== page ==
First Pakistani woman to earn

MS Astrophysics

Astrophysics / July 13, 2017

There has never been a more exciting time to study the universe beyond the confines of the Earth. A new generation of advanced ground-based and space-borne telescopes and enormous increases in computing power are enabling a golden age of astrophysics. The MS program in astrophysical sciences and technology focuses on the underlying physics of phenomena beyond the Earth, and on the development of the technologies, instruments, data analysis, and modeling techniques that will enable the next major strides in the field. The multidisciplinary emphasis of this program, jointly offered by the Department of Physics, the School of Mathematical Sciences, and the Center for Imaging Science, sets it apart from conventional astrophysics graduate programs at traditional research universities.


The MS program comprises a minimum of 45 quarter credit hours of study. The curriculum consists of 27 quarter credit hours of core courses (including a three credit research graduate seminar sequence), a minimum of 12 quarter credit hours of graduate elective courses, and a research project culminating in a thesis (12 research credits).


Elective courses available to fulfill the minimum total of 27 quarter credit hours of course work include additional courses in astrophysics, detector development, digital image processing, computational techniques, optics, and entrepreneurship, among others. These may be courses offered by the astrophysical sciences and technology program or by other RIT graduate programs (e.g. imaging science, computer science, engineering).

Master's thesis

Typically following the first year, but sometimes initiated during the first year for well-prepared students, candidates begin a research project under the guidance of a faculty research adviser. A thesis committee is appointed by the program director, consisting of the student's adviser and at least two additional members, one of whom must be a program faculty member. The final examination of the thesis consists of a public oral presentation by the student, followed by questions from the audience. The thesis committee will privately question the candidate following the presentation. The committee will caucus immediately following the examination and thereafter notify the candidate and the program director of the results.

Semester conversion
Effective fall 2013, RIT will convert its academic calendar from quarters to semesters. Each program and its associated courses have been sent to the New York State Department of Education for approval of the semester plan. For reference, the following charts illustrate the typical course sequence for this program in both quarters and semesters. Students should consult their graduate program adviser with questions regarding planning and course selection.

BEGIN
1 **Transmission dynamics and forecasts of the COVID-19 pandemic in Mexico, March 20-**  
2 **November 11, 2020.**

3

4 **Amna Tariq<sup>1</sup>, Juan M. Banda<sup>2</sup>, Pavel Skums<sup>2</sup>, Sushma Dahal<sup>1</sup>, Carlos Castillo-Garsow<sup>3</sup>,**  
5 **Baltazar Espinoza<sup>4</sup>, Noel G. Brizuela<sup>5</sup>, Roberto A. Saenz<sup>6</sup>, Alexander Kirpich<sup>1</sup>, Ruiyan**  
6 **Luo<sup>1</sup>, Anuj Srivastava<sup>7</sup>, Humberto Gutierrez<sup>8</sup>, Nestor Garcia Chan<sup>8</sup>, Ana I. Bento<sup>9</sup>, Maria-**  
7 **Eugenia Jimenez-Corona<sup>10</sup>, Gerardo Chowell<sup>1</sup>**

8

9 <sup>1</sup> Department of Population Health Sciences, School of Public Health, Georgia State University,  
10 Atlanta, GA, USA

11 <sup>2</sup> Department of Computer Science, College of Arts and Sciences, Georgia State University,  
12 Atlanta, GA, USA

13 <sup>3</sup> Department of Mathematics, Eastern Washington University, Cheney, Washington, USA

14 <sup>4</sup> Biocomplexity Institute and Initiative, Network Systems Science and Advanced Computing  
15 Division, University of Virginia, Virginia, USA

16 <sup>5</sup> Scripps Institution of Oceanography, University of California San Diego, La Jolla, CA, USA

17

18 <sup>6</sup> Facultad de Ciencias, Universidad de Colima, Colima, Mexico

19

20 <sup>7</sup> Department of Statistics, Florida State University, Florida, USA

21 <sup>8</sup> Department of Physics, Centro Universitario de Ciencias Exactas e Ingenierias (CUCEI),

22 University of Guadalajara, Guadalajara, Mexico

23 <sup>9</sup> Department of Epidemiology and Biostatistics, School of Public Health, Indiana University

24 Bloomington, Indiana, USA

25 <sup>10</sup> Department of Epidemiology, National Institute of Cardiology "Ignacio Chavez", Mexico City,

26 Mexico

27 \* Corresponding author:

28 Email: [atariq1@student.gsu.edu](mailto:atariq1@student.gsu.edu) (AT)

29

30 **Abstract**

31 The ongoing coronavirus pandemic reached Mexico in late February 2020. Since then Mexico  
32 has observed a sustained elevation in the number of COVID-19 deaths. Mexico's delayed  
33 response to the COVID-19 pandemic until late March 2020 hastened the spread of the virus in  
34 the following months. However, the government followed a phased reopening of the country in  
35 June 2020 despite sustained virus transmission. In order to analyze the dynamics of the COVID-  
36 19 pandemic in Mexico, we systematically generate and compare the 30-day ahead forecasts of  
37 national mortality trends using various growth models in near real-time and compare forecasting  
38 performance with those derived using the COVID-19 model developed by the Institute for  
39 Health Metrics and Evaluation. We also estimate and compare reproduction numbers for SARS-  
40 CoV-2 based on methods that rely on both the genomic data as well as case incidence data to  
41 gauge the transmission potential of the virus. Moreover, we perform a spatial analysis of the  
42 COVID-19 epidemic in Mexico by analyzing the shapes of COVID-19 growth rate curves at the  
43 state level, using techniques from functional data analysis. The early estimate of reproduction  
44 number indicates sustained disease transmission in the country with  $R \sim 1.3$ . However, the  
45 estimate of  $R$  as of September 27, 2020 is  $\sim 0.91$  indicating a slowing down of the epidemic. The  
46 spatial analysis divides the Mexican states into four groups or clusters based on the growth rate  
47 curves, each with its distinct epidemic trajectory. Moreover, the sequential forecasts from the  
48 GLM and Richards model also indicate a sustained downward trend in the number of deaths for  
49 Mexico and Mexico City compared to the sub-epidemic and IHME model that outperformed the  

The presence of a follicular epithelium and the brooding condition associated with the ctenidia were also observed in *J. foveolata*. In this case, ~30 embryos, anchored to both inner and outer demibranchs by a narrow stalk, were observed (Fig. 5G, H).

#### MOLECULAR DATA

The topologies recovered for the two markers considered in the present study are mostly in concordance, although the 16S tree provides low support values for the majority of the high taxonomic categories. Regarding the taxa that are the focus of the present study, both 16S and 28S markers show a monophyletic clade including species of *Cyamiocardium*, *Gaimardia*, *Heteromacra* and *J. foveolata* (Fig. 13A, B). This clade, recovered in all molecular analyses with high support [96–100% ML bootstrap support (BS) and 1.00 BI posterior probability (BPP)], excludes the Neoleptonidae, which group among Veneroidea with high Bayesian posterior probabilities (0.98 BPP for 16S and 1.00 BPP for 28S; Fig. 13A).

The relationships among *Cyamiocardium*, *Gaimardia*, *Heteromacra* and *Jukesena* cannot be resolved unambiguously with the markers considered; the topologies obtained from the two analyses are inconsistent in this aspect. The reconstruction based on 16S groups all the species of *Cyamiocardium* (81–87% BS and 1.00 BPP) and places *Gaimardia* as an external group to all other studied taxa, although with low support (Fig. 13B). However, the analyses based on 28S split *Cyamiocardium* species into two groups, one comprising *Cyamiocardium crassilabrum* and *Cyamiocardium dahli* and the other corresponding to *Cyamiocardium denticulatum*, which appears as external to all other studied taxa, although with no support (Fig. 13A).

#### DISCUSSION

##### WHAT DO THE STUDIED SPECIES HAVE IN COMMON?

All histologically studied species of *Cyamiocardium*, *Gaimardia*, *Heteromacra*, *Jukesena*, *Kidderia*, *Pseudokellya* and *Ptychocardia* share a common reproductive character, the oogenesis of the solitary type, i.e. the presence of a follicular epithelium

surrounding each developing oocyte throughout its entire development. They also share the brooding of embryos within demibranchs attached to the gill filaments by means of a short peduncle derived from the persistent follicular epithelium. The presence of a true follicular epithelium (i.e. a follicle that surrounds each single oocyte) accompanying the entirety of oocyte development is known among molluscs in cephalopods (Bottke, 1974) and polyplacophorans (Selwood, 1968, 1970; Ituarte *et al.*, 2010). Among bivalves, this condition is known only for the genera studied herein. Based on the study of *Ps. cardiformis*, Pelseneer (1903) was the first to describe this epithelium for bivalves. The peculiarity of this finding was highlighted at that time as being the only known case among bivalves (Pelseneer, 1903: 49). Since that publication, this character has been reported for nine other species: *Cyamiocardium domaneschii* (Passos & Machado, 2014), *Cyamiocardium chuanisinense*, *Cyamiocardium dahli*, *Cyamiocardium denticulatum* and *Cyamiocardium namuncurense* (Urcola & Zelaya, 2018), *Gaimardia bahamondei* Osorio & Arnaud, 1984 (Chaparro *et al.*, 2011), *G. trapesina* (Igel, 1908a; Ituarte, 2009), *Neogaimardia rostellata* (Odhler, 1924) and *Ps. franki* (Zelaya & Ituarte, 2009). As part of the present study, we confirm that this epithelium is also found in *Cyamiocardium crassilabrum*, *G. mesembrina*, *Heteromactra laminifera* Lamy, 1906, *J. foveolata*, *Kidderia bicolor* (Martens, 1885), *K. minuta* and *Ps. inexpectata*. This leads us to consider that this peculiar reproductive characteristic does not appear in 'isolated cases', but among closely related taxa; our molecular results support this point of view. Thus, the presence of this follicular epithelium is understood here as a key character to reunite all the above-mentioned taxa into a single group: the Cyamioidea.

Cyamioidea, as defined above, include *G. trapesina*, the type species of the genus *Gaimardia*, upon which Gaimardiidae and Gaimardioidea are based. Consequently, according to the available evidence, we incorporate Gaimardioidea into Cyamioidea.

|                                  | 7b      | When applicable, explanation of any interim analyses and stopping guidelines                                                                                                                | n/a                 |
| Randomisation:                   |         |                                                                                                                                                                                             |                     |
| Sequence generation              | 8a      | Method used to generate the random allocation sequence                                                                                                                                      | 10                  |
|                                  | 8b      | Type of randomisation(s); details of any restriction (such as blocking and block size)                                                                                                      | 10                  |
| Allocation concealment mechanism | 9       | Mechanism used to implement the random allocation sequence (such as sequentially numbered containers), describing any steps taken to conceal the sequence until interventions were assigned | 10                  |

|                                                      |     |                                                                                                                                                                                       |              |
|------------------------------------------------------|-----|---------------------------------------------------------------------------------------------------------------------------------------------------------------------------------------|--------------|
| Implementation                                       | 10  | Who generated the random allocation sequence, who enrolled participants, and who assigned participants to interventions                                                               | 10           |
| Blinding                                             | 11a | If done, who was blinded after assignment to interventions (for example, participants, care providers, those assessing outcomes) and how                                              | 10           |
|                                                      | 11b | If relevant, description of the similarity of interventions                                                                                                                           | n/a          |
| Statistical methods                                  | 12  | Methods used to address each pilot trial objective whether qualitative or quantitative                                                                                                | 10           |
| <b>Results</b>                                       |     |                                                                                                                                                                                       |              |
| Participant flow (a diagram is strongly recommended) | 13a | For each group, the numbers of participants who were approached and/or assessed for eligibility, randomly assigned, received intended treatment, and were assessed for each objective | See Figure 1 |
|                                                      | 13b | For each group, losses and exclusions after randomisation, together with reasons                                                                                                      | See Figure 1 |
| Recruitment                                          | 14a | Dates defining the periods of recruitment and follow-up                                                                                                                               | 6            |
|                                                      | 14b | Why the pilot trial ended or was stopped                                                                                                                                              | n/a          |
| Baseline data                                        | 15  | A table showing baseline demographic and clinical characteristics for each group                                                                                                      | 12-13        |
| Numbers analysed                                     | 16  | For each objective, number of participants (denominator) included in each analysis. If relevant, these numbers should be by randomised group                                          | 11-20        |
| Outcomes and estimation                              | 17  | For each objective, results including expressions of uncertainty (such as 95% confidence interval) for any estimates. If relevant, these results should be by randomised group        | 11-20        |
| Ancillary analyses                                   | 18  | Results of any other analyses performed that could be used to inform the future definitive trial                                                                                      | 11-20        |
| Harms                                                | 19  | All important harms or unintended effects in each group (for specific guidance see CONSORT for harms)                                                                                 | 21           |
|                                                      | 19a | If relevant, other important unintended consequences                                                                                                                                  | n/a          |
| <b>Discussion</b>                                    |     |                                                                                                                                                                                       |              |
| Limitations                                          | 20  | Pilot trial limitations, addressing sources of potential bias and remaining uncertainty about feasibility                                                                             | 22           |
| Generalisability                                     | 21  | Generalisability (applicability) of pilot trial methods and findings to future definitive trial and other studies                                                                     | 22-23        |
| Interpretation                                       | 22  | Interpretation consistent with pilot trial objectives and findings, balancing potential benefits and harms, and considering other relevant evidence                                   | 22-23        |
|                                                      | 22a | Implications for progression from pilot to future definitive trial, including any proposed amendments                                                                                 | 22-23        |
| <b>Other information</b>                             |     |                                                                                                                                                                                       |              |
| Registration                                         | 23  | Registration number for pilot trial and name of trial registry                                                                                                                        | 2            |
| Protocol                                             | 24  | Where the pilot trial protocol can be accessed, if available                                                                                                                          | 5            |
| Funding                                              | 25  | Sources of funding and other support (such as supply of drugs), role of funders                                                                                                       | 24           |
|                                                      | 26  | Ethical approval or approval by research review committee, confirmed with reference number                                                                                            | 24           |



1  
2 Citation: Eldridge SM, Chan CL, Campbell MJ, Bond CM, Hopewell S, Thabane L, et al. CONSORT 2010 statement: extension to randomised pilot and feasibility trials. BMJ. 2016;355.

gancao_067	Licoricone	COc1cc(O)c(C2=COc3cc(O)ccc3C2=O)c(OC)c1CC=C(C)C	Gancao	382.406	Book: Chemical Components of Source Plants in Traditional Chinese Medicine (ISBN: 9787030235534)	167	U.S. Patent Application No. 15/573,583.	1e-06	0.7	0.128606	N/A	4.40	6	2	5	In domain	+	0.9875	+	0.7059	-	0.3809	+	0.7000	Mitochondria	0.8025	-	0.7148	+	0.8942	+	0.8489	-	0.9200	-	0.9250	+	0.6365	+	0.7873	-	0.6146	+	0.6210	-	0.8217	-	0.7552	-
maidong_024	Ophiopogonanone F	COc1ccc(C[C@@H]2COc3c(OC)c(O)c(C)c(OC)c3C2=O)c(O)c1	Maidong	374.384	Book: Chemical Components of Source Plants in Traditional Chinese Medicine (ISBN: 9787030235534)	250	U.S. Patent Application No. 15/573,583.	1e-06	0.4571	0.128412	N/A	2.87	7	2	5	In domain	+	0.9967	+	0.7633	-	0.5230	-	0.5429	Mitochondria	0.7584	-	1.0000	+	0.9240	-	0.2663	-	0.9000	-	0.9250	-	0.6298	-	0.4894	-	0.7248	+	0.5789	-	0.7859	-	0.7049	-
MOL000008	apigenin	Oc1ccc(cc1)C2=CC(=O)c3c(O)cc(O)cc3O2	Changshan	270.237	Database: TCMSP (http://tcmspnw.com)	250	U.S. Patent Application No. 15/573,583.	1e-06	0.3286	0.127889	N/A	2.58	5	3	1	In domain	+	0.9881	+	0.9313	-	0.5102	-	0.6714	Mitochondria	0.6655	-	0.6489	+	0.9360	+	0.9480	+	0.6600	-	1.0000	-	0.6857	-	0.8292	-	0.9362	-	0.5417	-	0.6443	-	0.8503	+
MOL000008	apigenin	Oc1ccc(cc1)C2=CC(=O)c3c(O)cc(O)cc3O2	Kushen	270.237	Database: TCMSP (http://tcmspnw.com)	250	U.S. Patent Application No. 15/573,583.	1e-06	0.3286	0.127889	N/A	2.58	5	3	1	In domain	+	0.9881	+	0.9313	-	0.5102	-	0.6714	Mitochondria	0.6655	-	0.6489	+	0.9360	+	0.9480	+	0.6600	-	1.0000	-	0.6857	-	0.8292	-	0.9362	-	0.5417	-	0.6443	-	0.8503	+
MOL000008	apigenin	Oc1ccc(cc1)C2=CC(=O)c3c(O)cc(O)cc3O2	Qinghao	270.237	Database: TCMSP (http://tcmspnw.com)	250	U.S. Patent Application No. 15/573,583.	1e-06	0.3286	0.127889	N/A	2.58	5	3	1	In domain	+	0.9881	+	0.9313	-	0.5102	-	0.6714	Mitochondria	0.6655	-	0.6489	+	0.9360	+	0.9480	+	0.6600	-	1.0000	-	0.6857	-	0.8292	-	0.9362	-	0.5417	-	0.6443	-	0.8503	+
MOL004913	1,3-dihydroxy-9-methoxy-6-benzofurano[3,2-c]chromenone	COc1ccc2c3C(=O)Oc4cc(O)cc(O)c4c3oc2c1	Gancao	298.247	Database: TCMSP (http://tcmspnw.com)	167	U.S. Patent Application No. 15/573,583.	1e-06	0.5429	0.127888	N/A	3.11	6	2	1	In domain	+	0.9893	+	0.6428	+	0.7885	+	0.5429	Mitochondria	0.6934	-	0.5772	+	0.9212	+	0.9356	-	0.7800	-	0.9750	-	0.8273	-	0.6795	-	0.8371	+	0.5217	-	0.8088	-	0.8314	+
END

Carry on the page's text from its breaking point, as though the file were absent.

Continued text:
Astrophysical sciences and technology, MS degree, typical course sequence (quarters)

Course Qtr. Cr. Hrs.
First Year
1060-701, 702, 703 Graduate Research Seminar I, II, III
1060-710 Mathematical and Statistical Methods for Astrophysics
1060-711 Astronomical Observational Techniques and Instrumentation
1060-720 Stellar Structure and Evolution I
1060-730 Radiative Processes I
1060-740 Galactic Astrophysics and the Interstellar Medium I
1060-750 Extragalactic Astrophysics I
Graduate Elective
Thesis 12
Total Quarter Credit Hours 45

Astrophysical sciences and technology, MS degree, typical course sequence (semesters), effective fall 2013

Sem. Cr. Hrs.
ASTP-617 Astrophysical Dynamics
ASTP-760 Introduction to Relativity and Gravitation
ASTP-601 Graduate Seminar I
ASTP-615 Radiative Processes for Astrophysical Sciences
Choose one of the following:
ASTP-610 Mathematical Methods for the Astrophysical Sciences
ASTP-611 Statistical Methods for Astrophysics
ASTP-730 Stellar Structure and Atmospheres
ASTP-602 Graduate Seminar II
Second Year
ASTP-740 Galactic Astrophysics
ASTP-790 Research and Thesis
ASTP-750 Extragalactic Astrophysics
Total Semester Credit Hours 32

Admission requirements

To be considered for admission to the MS program in astrophysical sciences and technology, a candidate must fulfill the following requirements:

  • Hold a baccalaureate degree in physical science, mathematics, computer science, or engineering at an accredited college or university,
  • Have a minimum undergraduate GPA of 3.2/4.0 in course work in mathematical, science, engineering, and computer subject areas,
  • Submit official transcripts (in English) for all previously completed undergraduate and graduate course work,
  • Submit two letters of recommendation,
  • Submit scores from the Graduate Record Exam (GRE), and
  • Complete a graduate application.
  • International applicants whose native language is not English must submit scores from the Test of English as a Foreign Language (TOEFL). A minimum score of 550 (paper-based), 213 (computer-based), or 79 (Internet-based) is required. International English Language Testing System (IELTS) scores will be accepted in place of the TOEFL exam. Minimum scores will vary; however, the absolute minimum score required for unconditional acceptance is 6.5. For additional information about the IELTS, please visit

For candidates with a bachelor's degree in another area than those listed above, or lacking in adequate academic preparation, bridge and foundation course work may be necessary prior to full admission.

MS to Ph.D. transfer

Depending on each student's progress in their course work and the research project, students may be allowed to attempt the Ph.D. Qualifying Examination. On successfully passing the exam, students may choose to proceed to Ph.D. candidacy rather than accepting a terminal master of science degree. This is contingent on the availability of an adviser and research funding.